Home: Scrying: The Wildlife Photographer: A New Endangered Species?

The Wildlife Photographer: A New Endangered Species?

May 01, 2006

Sometime in the not too distant future, in Yellowstone Park:A wildlife photographer focuses on an eagle near the Madison River in Yellowstone National Park

 Child: Mom! What’s that over there with the big shiny lens pointing at that bird?!?

Mother: Oh, don’t worry, dear, that’s just a wildlife photographer.

Child: No way! I thought they were an endangered species here! Shouldn’t he be protected?

Mother: No, dear, they aren’t protected. Ever since they changed the fee structure for filming in national parks, they’re just expected to starve to death.

Child: Wait… what about the big movie crew over the hill? With all the Hollywood producers and actors filling up all the good sites? They aren’t starving… sure, some of the actresses were skinny, but the rest of them looked really well fed.

Mother: Oh, a small daily fee doesn’t bother Hollywood. It’s still less than they pay to rent out just about anywhere else.

Child: Ah, I see… That’s why all my nature videos are all 20 years old, but Bigfoot looks like he’s really here now…. Cool. Ooh, Mommy, can I go feed the photographer?

Mother: No, honey, he might bite…

As the lights dim, a silent silhouette appears on the ridge—Bigfoot. Dramatic music [dun dun duhhnnn] as scene draws to a close.

Announcer: Coming soon! To a national park near you!

Well, ok… don’t expect Bigfoot (although I have known some large, hairy, and grouchy campers) but a proposed change in the fee structure for filming national parks could endanger wildlife photographers:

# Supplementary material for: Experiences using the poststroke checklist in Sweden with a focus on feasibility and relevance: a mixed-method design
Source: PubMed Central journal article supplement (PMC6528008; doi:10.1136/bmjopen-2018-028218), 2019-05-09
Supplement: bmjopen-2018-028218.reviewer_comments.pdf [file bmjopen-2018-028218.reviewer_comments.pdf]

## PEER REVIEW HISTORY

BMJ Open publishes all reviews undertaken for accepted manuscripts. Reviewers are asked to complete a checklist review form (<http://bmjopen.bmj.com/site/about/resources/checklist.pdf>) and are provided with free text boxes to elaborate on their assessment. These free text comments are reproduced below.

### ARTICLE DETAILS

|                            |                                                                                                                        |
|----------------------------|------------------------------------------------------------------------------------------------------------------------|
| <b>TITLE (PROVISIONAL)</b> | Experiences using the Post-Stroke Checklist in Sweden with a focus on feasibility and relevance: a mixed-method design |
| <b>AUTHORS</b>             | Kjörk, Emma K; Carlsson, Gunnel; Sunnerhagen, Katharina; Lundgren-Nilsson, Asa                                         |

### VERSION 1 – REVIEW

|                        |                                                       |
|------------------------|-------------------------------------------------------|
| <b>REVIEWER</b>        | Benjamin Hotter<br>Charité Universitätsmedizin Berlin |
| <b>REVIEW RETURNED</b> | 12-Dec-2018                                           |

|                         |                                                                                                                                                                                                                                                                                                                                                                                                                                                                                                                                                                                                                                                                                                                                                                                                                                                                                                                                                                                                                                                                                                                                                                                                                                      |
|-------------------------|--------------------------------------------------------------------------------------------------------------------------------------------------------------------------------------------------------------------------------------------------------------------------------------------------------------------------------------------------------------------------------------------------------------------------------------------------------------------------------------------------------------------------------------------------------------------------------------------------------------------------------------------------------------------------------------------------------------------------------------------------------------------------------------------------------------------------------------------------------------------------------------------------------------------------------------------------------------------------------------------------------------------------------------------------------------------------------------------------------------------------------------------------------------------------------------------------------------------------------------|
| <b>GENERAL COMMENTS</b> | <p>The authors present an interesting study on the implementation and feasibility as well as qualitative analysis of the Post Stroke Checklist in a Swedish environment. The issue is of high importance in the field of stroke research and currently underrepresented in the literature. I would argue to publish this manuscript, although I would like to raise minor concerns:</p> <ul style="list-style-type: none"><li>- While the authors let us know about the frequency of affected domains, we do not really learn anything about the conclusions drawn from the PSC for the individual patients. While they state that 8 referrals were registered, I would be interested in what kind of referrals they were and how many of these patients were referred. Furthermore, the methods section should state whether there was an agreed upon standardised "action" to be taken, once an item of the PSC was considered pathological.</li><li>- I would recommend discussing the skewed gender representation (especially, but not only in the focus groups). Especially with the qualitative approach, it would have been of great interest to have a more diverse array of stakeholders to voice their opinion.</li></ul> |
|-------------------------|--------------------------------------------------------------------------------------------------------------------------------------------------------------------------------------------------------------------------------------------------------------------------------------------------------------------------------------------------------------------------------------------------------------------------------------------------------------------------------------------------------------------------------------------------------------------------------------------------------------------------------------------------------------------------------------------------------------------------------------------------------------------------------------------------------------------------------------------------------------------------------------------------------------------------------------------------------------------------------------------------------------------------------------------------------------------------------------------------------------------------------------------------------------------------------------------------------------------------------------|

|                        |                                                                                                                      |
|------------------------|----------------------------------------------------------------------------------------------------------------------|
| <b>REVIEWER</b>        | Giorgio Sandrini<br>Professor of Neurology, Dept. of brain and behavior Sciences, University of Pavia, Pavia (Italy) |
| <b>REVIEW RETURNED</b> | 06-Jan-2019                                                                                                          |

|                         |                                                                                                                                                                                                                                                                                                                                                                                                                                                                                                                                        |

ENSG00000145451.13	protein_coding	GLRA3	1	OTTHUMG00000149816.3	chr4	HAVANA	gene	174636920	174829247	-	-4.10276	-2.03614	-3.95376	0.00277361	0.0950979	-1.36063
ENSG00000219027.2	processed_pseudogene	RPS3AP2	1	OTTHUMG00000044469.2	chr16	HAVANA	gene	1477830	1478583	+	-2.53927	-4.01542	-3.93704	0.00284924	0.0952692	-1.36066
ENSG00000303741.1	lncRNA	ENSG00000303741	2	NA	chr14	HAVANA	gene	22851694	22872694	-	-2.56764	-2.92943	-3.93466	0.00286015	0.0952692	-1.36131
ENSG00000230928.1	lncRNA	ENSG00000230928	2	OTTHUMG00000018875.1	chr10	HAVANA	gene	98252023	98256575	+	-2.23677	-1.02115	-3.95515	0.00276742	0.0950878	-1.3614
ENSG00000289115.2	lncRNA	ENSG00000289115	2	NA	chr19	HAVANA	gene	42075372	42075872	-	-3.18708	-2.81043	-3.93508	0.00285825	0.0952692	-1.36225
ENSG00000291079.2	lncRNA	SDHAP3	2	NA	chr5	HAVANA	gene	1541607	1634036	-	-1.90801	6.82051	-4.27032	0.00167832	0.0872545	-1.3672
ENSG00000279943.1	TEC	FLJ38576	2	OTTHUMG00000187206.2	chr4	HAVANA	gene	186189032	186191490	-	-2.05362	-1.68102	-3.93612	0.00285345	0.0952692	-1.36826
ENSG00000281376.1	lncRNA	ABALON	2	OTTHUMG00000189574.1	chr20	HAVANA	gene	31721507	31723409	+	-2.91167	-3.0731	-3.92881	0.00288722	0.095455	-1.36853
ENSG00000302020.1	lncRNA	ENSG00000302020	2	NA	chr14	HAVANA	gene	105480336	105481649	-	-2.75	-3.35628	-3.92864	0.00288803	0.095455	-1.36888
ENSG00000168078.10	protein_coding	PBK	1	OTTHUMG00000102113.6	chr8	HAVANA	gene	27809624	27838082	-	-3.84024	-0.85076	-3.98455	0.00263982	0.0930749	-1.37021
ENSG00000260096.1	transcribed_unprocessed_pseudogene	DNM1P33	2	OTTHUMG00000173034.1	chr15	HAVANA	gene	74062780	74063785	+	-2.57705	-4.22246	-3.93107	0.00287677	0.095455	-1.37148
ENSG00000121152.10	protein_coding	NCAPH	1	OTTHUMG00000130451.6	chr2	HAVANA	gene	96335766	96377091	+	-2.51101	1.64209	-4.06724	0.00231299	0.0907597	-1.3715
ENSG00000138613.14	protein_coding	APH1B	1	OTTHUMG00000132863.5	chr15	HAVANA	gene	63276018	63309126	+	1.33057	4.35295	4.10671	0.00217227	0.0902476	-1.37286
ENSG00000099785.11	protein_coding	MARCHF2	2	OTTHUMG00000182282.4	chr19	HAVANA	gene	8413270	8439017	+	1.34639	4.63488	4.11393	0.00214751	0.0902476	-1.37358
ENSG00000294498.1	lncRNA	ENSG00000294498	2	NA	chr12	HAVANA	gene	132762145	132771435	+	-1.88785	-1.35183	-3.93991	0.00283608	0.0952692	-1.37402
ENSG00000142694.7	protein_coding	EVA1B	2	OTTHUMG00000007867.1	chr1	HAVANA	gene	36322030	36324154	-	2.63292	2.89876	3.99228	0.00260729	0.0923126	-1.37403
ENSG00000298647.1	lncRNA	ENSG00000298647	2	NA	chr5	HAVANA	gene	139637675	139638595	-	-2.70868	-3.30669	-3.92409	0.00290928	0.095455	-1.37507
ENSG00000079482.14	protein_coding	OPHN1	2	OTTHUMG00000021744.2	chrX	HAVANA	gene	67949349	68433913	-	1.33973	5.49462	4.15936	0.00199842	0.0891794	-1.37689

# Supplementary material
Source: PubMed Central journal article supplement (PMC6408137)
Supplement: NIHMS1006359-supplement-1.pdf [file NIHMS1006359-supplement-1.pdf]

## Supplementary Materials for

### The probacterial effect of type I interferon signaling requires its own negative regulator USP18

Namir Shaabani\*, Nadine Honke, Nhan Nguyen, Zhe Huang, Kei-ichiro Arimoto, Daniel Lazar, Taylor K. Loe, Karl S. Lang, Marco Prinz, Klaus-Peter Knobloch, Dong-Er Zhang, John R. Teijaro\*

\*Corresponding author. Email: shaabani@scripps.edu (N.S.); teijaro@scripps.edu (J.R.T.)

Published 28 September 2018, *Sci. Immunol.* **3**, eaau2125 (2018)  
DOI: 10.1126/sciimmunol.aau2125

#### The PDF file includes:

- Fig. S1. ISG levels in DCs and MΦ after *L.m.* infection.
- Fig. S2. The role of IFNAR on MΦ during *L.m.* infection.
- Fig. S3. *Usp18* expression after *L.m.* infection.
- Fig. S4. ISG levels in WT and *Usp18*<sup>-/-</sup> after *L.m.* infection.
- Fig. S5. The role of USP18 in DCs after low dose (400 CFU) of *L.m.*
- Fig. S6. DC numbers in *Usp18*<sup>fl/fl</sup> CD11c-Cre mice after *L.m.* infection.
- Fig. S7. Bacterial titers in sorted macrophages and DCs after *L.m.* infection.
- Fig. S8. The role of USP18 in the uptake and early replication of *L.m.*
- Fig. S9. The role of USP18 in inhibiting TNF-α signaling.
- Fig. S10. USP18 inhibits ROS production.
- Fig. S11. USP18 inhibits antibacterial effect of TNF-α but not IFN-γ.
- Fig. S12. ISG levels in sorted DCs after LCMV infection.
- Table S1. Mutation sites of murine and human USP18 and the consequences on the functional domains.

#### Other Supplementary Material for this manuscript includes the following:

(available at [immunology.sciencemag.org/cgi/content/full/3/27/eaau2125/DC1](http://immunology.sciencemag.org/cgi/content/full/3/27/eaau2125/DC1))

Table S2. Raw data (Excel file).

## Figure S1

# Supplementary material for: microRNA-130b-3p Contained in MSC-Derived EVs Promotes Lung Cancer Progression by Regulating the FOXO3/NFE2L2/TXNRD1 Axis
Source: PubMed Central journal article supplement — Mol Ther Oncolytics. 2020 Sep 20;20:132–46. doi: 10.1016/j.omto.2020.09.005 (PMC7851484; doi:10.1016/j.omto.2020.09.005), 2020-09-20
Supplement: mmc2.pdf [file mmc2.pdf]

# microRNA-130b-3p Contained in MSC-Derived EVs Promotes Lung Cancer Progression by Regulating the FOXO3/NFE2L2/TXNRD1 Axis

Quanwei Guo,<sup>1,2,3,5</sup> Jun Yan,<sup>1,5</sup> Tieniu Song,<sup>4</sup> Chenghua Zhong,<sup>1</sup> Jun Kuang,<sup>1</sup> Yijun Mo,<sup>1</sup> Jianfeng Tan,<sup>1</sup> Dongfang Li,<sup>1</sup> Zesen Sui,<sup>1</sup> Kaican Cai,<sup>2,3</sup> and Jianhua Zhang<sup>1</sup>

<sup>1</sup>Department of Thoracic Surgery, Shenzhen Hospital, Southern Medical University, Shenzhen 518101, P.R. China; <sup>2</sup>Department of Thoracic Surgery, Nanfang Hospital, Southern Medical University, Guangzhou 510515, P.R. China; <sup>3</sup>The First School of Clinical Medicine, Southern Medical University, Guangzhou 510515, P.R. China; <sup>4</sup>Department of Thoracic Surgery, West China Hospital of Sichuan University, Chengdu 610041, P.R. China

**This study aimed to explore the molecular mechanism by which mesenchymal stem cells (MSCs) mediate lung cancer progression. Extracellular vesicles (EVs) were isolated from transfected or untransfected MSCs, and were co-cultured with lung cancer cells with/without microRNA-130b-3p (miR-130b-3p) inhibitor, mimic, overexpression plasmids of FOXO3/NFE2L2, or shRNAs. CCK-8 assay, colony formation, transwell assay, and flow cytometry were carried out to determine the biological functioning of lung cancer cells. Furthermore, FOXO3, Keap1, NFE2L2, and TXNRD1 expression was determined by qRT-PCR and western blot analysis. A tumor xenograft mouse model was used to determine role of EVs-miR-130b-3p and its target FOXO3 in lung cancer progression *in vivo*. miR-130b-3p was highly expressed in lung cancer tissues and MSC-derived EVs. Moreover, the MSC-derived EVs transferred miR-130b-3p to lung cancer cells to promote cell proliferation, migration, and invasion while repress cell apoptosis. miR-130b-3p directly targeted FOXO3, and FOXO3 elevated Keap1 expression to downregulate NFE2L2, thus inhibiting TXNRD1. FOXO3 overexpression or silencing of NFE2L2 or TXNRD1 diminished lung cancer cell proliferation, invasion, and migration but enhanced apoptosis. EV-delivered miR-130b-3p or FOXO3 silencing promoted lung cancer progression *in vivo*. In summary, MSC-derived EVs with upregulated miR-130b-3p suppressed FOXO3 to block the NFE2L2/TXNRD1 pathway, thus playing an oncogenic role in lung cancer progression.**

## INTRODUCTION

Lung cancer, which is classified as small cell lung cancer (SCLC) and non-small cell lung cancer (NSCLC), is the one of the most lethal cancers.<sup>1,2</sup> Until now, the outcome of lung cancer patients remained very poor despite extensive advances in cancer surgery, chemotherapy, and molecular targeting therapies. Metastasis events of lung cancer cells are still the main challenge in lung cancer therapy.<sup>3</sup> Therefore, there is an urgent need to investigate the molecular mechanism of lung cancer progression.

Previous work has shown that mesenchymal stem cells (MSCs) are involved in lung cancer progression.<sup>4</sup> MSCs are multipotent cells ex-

Wildlife photographers and documentary filmmakers say a new fee schedule for commercial filming in Yellowstone and other national parks could put them out of business.

“It won’t just be the filmmakers and photographers affected by this, it’ll be the whole country,” said Jeff Hogan, a documentary filmmaker in Jackson, Wyo., who has shot wildlife programs for National Geographic and the BBC.

“People will have less exposure to these beautiful places and exciting animal behaviors,” he said. “There will be less opportunity for people to learn about wildlife.”

The interim fees, scheduled to go into effect May 15, would charge filmmakers at least $150 per day for filming in the park.

They now pay just $200 per year, plus fees for any park services or assistance they require.


Also:
The law requiring the location fees was sponsored by Sen. Craig Thomas, R-Wyo., who said Friday that the provision was meant for larger-scale Hollywood movie productions, not small-scale nature films.

“A not-for-profit company filming birds was never intended to be charged under my legislation,” Thomas said in an e-mail to The Associated Press.

But nature photographer Dan Hartman is worried about what could happen in the future if the government starts charging more for commercial filming and photography at national parks.

“Look at our country today. Nature is the last thing on anyone’s minds,” Hartman said. “To take away this type of wildlife programming would be devastating. I’m hoping this is all just a mistake.” (Rocky Mountain News)


Photo of the wildlife photographer by Terri French via Nikon.PixelCritic

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